City Music Hall” by Paul McGehee. The art-deco masterpiece of the
entertainment world, located in the heart of New York City as part of
Rockefeller Center, first opened its doors to the public in December of
1932. Originally four theatres were scheduled to be built in the
complex, on ground first planned to be for the Metropolitan Opera
House, but only the International Music Hall figured in the final
result. As the Radio Corporation of America, RCA, was an early tenant
of the complex, the Music Hall was soon being referred to as "Radio
City", and by the late 1930's officially became Radio City Music Hall.
An opulent theatre with seating for close to 6,000 patrons to view its
giant stage and movie screen, Radio City Music Hall also houses two
mighty Wurlitzer theatre organs, one of which is the largest one ever
made by the company. Radio City is the home to the Rockettes, a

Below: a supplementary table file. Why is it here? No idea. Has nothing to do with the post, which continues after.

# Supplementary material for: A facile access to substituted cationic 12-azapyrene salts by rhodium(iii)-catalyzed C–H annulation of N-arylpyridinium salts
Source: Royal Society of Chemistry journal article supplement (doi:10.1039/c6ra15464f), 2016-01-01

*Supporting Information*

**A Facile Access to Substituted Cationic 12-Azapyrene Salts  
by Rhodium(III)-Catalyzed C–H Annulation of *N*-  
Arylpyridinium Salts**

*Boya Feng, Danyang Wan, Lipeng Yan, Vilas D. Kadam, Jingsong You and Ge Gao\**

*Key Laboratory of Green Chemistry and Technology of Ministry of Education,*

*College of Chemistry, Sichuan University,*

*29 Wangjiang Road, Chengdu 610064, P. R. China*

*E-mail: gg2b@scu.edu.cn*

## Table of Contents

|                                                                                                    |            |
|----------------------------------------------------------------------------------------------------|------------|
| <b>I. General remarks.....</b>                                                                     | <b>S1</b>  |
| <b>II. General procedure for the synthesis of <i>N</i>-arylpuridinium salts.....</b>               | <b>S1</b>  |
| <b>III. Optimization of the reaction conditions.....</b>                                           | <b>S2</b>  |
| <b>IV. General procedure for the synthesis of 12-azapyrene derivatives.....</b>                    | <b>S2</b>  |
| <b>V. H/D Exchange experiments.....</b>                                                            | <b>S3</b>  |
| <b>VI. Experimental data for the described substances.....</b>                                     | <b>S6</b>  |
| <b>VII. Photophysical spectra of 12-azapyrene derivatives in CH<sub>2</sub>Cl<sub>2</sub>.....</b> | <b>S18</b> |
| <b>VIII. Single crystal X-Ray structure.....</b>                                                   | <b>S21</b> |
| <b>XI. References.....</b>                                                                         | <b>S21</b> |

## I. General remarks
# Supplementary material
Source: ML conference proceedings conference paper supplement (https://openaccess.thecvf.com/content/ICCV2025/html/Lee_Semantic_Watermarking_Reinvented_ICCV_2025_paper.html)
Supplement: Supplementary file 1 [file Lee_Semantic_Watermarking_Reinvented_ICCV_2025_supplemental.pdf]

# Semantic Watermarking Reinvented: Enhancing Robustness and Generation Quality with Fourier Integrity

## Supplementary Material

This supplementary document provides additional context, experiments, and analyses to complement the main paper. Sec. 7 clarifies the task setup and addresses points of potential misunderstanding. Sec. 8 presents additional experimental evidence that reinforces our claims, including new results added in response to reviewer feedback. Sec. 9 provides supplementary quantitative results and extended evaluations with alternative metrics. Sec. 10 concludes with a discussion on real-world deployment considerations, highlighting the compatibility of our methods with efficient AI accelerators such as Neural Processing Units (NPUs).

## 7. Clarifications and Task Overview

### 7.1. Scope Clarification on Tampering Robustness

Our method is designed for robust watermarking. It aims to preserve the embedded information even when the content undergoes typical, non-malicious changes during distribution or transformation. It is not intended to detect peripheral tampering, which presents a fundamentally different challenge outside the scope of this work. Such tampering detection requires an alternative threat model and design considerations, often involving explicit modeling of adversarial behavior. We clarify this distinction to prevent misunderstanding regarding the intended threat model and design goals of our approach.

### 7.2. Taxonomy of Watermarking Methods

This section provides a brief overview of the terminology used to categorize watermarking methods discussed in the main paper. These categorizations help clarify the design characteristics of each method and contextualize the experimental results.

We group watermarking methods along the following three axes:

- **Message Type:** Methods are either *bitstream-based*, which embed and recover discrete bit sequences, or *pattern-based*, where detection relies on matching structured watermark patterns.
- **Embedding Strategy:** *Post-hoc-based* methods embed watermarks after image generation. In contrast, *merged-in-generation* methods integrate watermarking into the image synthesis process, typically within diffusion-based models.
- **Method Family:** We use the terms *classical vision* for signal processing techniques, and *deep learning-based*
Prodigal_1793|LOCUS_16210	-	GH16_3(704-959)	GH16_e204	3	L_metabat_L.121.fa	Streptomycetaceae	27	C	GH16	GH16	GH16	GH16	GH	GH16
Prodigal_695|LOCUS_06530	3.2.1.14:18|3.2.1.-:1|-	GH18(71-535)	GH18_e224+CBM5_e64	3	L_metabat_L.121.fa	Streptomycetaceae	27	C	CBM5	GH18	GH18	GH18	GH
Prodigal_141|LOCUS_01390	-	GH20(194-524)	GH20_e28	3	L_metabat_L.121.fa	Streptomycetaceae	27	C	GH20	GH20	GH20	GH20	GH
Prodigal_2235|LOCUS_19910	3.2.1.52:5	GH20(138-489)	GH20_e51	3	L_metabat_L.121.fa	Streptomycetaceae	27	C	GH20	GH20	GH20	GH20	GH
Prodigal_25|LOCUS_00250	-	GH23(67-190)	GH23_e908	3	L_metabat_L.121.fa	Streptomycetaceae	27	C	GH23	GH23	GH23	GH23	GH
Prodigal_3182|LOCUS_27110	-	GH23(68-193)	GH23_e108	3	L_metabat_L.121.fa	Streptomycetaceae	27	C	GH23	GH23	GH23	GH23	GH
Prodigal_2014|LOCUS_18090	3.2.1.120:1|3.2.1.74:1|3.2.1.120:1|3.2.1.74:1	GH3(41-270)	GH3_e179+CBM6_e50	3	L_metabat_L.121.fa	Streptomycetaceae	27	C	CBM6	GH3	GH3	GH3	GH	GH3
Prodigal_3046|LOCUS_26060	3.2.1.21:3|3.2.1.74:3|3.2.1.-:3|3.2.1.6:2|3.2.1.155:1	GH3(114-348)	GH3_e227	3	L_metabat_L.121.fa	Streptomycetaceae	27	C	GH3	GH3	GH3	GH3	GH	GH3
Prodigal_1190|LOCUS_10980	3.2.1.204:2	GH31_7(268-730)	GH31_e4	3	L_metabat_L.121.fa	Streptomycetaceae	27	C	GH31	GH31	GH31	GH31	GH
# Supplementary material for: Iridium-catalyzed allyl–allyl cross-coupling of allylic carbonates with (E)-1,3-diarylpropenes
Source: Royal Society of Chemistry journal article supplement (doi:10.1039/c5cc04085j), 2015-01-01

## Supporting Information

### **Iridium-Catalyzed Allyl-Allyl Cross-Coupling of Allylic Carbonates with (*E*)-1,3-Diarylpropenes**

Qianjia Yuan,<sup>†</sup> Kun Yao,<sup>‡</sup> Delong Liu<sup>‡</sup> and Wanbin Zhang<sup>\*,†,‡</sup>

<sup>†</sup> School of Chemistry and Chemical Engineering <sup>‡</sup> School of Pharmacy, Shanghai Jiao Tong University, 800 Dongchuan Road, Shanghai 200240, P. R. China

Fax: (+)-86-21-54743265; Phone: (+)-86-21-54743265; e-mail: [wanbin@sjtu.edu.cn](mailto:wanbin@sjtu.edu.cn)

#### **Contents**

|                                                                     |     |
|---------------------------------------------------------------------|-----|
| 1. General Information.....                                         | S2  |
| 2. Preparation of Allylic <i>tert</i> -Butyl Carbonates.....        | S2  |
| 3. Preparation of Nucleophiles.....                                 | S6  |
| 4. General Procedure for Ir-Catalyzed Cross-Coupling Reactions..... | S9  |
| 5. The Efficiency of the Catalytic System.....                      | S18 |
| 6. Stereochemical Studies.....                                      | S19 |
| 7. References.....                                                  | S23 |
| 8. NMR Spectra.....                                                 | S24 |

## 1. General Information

well-choreographed precision dance troupe of high-kicking ladies,
famous in particular for their appearances in the annual Christmas
Spectacular as a line of wind-up toy soldiers. It has not always been
smooth sailing for Radio City financially through the years, but it is
now considered a national treasure and hosts not only its stage
productions but concerts, television award shows and sports events.
Radio City is definitely worth a visit to catch a show during your next
trip to NYC.
“Radio City Music Hall” is faithfully reproduced as an archival-quality print from
McGehee's original color pencil and acrylic artwork, each hand-signed
by the artist.